Archive for Thursday, January 5, 2006

Sewing table mainstay of 19th-century housewife

January 5, 2006


Sewing was an everyday activity for the 19th-century housewife. Often, a special table that held sewing supplies and needlework was kept near the living room. The sewing table became a special furniture form. It looked like a small table with a lift top, but there was sometimes a cloth bag or wooden structure below the top to hold sewing work. The top of the table held a tray or box filled with sewing accessories, including many that would not be recognized today. You would find the usual scissors, needles, pincushion, tape measure, thimble and thimble holder, thread winder, pin holder and knitting and lace-making tools. Less usual were thread waxers, sewing clamps and containers for marking powder. Sometimes knitting was stored in the lower bag, along with accessories like knitting needles, a needle holder, yarn winders and a yarn holder that could be worn on the wrist. The table kept everything in one handy place and could still be used to hold a candle, teacup or book. The sewing table was popular from about 1800 to 1900, after which time less sewing was done at home.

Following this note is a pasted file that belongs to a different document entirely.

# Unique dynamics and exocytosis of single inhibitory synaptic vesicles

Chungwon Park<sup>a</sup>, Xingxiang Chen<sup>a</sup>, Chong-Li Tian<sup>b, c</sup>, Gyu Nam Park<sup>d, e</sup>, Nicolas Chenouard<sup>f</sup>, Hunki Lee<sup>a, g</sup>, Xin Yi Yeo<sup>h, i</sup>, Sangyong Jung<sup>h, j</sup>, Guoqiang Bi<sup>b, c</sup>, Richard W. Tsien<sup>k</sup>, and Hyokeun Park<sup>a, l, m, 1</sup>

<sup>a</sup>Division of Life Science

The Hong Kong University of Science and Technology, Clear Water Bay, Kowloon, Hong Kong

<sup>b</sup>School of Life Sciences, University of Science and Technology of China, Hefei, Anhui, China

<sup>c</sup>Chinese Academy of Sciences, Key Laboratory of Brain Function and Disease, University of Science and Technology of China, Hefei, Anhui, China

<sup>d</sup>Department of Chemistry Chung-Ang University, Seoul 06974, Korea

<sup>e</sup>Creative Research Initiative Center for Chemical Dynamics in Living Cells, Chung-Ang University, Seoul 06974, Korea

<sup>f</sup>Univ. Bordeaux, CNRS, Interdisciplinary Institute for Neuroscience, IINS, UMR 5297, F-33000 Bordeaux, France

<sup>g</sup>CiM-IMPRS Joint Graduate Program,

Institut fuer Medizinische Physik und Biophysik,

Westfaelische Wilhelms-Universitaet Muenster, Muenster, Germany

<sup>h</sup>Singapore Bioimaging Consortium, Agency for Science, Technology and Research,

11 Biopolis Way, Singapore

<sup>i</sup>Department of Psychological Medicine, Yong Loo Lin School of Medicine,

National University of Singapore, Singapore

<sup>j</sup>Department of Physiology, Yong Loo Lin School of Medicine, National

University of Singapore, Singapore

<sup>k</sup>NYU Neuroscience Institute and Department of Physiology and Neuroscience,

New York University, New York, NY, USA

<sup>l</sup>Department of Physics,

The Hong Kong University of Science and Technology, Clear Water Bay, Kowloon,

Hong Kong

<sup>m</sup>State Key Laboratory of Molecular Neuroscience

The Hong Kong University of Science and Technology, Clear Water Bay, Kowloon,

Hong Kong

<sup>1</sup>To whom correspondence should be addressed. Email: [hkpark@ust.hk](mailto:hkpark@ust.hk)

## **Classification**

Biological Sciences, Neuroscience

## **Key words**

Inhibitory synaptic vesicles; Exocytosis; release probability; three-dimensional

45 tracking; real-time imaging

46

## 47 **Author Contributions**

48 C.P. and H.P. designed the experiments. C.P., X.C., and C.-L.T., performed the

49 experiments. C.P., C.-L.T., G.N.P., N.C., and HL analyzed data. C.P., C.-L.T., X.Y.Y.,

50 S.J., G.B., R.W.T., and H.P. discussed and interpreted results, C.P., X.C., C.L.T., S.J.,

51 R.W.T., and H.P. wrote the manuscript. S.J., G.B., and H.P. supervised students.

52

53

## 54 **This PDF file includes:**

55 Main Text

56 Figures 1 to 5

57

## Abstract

Q: My father bought an old, very heavy, coal-and-gas double-oven cooking stove at an estate sale about 60 years ago. He installed it in our house and converted it to natural gas. It still works perfectly. The white porcelain stove with black trim has the name "Round Oak" on the front. A plate inside one of the two bottom storage doors reads "Round Oak Co., Dowagiac, Mich.," but a metal plate on the back reads "Beckwith Co." Can you fill in some history?

A: The Round Oak Stove Co. was founded by Phil D. Beckwith in 1871. It played an important role in the history of Dowagiac, spurring the city's growth in the late 1800s and early 1900s. The company became one of the largest heating-stove manufacturers in the world. By the 1900s, Round Oak was also making furnaces and cooking stoves. Stoves with porcelain bodies and trim were introduced in the United States after World War I, when Round Oak was still a strong company. Your stove was probably manufactured during the 1920s. Round Oak closed after World War II. Contact the museum at Southwestern Michigan College in Dowagiac for more information on your stove. It has the country's largest collection of Round Oak Stove Co. artifacts.